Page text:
The 1st U.S. Circuit Court of Appeals on Wednesday upheld the dismissal of an excessive force lawsuit filed over a Feb. 10, 2017, police shooting in Vassalboro that left two people dead.
The appellate court in Boston found that no reasonable jury could conclude that the Maine State Police trooper who fired the fatal shots knew or should have known that the woman, whom he claimed he did not see, was in the car when he shot at it.
U.S. District Court Judge Lance Walker in March 2020 found that Trooper Jeffrey Parks, whose gunshots struck and killed Ambroshia “Amber” Fagre, 18, of Oakland, was not liable for her death. Walker said that Parks was immune from the lawsuit because he intended to fire at suspected burglar Kadhar Bailey, 25, of Gardiner, not Fagre. Bailey also was killed but not by Parks.
The judge also found that under Maine’s qualified immunity law, Parks could not be held legally responsible for her death because he acted reasonably as a law enforcement officer under the circumstances.
The three-judge panel that heard oral arguments in the appeal on Dec. 10 in Boston, agreed with Walker.
Amber Fagre’s mother, Jessica L. Fagre, 40, of Augusta, sued three officers in February 2019. She sought unspecified punitive and compensatory damages and claimed her daughter was “an innocent bystander.” The mother claimed that the officers’ actions were unreasonable and illegal under the circumstances.
Attorneys for Vassalboro Police Chief Mark Brown, Maine State Police Lt. Scott Ireland and Parks filed motions to dismiss the lawsuit in U.S. District Court in Bangor over the following month. Walker dismissed Brown and Ireland from the lawsuit in May 2019 but did not grant Parks’ summary judgement motion, finding him not liable for Fagre’s death, until March 2020.
Walker found that Amber Fagre, whom Ireland saw in Bailey’s truck, told police she was waiting for her boyfriend to return. Bailey was suspected of tying up a nearby homeowner at gunpoint and ransacking the house. After speaking with the woman, Ireland went to the home in search of a suspected armed burglar.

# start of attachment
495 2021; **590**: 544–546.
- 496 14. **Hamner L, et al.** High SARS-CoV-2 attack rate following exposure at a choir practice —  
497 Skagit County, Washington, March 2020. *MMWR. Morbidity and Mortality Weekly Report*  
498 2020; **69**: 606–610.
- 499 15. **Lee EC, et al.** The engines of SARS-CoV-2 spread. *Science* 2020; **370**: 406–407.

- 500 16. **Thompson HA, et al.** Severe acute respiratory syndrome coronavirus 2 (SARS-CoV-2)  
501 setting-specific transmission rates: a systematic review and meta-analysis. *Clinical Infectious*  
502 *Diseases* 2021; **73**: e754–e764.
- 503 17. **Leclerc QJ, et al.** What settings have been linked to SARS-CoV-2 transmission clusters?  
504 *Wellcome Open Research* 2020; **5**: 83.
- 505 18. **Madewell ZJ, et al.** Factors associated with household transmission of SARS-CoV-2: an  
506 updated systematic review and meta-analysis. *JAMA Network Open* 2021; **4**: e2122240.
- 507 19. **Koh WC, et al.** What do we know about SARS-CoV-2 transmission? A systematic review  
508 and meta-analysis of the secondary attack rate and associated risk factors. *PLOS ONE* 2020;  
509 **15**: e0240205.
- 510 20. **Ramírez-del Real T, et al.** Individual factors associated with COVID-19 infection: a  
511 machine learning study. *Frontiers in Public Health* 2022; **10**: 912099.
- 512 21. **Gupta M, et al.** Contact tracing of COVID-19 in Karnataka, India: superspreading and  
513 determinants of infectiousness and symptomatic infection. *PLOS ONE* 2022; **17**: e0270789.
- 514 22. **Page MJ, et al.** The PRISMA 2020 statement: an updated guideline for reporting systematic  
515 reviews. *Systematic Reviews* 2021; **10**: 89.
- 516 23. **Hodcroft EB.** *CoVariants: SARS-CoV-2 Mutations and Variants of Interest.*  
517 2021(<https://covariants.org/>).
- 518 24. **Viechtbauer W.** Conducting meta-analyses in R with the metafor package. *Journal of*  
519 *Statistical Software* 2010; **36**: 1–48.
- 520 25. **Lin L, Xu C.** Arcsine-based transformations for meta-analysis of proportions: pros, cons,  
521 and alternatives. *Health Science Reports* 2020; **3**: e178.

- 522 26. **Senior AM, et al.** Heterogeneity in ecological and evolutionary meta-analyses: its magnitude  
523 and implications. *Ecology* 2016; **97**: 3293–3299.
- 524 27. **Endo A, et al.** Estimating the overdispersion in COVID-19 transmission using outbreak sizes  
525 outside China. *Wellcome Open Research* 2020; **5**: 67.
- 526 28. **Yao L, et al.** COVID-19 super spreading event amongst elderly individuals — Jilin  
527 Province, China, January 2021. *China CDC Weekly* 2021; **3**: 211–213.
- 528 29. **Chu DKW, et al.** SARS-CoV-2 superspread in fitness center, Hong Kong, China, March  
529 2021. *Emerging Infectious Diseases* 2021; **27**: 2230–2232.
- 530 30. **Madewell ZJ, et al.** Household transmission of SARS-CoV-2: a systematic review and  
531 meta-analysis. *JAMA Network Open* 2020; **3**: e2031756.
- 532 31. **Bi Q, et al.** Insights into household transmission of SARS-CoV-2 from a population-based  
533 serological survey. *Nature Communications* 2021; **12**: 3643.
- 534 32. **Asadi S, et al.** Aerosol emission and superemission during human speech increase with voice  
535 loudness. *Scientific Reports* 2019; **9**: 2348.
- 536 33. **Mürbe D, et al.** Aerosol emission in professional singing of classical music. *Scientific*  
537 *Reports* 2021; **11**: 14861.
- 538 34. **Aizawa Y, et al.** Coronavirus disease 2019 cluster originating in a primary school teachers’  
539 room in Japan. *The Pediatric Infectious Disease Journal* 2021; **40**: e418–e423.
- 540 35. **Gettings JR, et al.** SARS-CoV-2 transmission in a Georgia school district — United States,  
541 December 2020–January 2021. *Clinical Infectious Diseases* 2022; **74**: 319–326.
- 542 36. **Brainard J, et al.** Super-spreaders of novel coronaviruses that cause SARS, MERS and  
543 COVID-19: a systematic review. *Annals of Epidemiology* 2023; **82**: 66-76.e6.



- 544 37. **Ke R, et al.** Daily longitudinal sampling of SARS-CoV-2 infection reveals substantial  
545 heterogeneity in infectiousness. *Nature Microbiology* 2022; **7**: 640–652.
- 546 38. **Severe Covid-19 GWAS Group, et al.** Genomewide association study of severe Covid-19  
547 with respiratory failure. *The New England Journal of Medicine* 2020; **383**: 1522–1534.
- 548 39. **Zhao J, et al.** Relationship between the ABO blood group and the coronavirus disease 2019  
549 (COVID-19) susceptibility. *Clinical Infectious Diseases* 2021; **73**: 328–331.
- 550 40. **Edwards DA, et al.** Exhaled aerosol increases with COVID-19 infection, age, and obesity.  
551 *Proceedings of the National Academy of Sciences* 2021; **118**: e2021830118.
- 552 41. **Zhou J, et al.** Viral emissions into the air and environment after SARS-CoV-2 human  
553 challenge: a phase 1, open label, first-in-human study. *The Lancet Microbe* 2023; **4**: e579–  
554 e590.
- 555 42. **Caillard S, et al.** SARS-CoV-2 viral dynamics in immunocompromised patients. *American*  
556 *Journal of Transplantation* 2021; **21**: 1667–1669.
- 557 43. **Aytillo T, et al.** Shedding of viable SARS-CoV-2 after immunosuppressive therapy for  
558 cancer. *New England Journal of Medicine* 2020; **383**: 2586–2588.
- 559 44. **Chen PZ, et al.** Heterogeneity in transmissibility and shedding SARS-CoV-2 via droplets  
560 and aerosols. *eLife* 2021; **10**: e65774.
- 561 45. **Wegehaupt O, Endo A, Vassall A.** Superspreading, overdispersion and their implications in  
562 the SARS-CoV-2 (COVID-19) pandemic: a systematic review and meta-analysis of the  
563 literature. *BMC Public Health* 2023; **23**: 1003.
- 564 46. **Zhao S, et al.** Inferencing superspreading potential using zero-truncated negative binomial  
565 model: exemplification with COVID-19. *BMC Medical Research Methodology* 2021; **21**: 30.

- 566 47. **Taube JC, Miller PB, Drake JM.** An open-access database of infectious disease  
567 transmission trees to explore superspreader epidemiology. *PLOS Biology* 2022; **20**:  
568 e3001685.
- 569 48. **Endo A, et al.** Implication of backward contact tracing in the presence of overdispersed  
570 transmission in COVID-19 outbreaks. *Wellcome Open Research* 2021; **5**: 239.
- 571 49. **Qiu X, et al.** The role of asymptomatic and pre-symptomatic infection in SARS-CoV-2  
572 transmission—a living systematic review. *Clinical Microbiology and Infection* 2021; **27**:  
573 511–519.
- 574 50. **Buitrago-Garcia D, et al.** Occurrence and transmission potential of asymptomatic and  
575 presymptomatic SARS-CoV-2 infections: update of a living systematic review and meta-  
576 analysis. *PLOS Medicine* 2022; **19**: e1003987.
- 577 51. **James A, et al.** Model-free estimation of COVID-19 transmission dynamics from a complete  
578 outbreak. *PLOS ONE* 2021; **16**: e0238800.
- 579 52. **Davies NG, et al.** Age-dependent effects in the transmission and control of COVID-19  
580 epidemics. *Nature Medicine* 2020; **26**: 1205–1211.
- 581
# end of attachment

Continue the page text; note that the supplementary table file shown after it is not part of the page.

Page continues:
Brown arrived to assist and stayed with Amber Fagre and the Dodge Durango in which she was sitting. Brown saw Bailey approaching with a gun, drew his own firearm and ordered Bailey to stop, Walker said.
Bailey continued to approach Brown, Fagre and the Durango. Brown took cover on the driver-side hood of the vehicle while Fagre remained in the passenger seat, the judge found. Brown then fired at Bailey and took cover behind a nearby snowbank. Bailey returned fire, got in the Dodge Durango, and began to drive.
Parks arrived on the scene to the sound of gunshots just as Ireland returned to the scene, the judge said. As Bailey drove toward Parks’ cruiser, Parks fired several rounds into the Durango, which stopped when it crashed into Parks’ cruiser.
“Armed with a patrol rifle, Lieutenant Ireland approached the driver side of the Durango,” Walker said. “When he observed Bailey reaching for something in the vehicle, Lieutenant Ireland fired a shot at Bailey, killing him.”
Amber Fagre suffered a serious gunshot wound but was conscious and aware of her injury. She died later that day at a local hospital.
The Maine attorney general’s office ruled in March 2018 that the officers were justified in their use of deadly force. That investigation found that Ireland shot and killed Bailey and that Fagre’s death was accidental.
The office declined to comment Thursday on the 1st Circuit Court’s ruling.
Jessica Fagre’s attorney, Hunter Tzovarros of Bangor, did not immediately return a request for comment.